Vatican strives to revive idea that there's only one "America"

Vatican strives to revive idea that there’s only one “America”

Vatican strives to revive idea that there’s only one “America”

Doctor Guzmán Carriquiry Lecour, secretary of the Pontifical Commission for Latin America. (Credit: Photo courtesy of PCLA.)

With the backing of Pope Francis, the Vatican is striving to revive the "prophetic intuition" of St. Pope John Paul II that despite global divisions between north and south, there's really only one "American" continent, stretching from Canada to the pontiff's own native Argentina.

ROME— Quietly but steadily, with the backing of Pope Francis, the Vatican is reviving the idea that there’s really only one “America,” a Church that works together as a continent, instead of being perennially divided into north and south.

“With the fall of the walls of political, ideological and military opposition between the East and the West, Saint John Paul II called also to overcome the walls of opposition between the North and the South,” said Guzman Carriquiry.

“What other place could be so favorable to undertake this task than America, which more than 60 percent of all Catholics call their home?”

Carriquiry, secretary of the Vatican’s Pontifical Commission for Latin America, was speaking at a conference held this Saturday in Rome, a collaboration between his office and the Diocese of Denver.

According to the Uruguayan layman, one of Pope Francis’s closest advisers, his office and the Vatican at large are trying to recover Saint John Paul II’s “prophetic intuition” when he convoked a Synod of Bishops for America in 1997, and then published the apostolic exhortation “Ecclesia in America.”

Saturday’s symposium, called “Witness of mercy in the Americas,” showcased the lives of four missionaries of the United States and Mexico, presenting them as models of unity for the continent.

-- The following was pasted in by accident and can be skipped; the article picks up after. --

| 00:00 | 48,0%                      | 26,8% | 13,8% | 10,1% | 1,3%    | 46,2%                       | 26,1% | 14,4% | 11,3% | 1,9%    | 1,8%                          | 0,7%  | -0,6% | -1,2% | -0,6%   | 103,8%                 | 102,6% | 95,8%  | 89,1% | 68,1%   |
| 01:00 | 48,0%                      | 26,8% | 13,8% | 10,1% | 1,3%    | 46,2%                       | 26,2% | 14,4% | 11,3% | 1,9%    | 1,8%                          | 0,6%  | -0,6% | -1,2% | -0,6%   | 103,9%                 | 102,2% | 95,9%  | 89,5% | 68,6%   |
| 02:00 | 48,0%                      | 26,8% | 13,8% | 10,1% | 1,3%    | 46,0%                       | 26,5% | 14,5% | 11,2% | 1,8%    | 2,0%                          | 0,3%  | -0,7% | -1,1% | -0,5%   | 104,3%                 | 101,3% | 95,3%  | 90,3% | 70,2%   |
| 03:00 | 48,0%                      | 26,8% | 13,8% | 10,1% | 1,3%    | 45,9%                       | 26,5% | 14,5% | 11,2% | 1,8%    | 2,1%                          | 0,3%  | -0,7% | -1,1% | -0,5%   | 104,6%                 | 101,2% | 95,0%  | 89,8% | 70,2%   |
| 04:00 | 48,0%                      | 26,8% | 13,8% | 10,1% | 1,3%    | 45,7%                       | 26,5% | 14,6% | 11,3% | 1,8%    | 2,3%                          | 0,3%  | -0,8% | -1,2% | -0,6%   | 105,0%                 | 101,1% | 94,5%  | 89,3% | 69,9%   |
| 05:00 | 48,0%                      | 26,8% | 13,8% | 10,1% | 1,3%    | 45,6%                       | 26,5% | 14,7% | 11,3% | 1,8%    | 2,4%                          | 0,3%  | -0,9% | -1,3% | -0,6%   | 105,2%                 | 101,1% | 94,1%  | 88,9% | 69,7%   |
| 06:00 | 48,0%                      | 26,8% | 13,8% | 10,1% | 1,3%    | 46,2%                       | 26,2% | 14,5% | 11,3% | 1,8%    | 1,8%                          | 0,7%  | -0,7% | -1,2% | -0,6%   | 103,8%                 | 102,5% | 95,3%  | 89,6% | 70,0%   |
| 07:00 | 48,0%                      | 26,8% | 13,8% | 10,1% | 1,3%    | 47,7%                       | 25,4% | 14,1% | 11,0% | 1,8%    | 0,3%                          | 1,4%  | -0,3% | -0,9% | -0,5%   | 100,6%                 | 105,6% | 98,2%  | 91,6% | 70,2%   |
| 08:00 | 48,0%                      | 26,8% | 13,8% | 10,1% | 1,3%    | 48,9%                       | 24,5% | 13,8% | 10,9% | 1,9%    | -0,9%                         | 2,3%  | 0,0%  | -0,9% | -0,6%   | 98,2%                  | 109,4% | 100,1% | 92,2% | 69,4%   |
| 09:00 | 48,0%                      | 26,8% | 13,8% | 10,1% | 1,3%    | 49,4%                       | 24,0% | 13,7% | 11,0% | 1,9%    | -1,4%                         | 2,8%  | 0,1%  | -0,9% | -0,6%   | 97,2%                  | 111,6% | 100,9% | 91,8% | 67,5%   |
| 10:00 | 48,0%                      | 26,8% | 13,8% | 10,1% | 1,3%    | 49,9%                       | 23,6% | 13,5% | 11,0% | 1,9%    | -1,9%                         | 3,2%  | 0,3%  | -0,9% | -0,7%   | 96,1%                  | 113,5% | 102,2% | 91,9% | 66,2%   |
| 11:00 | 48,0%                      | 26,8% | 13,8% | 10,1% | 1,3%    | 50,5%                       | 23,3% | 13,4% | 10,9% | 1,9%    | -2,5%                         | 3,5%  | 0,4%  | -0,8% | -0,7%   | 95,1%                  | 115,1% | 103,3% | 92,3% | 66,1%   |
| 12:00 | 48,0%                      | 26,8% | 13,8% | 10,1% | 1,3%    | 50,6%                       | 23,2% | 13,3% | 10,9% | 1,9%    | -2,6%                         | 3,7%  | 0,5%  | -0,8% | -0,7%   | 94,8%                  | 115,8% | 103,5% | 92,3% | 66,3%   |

The four personalities, all in the path towards sainthood, were:

  • Julia Greeley, also known as Denver’s Angel of Charity, who was born into slavery, and once freed spent most of her life helping the poor in the Denver area. She was defined as an example of the “enduring power of mercy.” Despite her suffering at the hands of white people, she held no grudge, helping all poor people, no matter their race.
  • Father Eusebio Kino, an Italian Jesuit, missionary, explorer, cartographer and astronomer who spent the last 24 years of his life preaching in what today is northern Mexico and southern Arizona.
  • Antonio Margil de Jesus, a Spanish missionary who worked in Mexico, Costa Rica, Nicaragua, Guatemala, and Texas.
  • Father Michael Joseph McGivney, an American Catholic priest who founded the Knights of Columbus to serve as a mutual aid and fraternal insurance organization for immigrants and their families. He could become the first American-born priest to be declared a saint.

Jonathan Reyes, director of the Department of Justice, Peace, and Human Development of the United States Bishop’s Conference, spoke about Kino, whom he described as one of the biggest missionaries on the continent, and a model for this Jubilee of Mercy.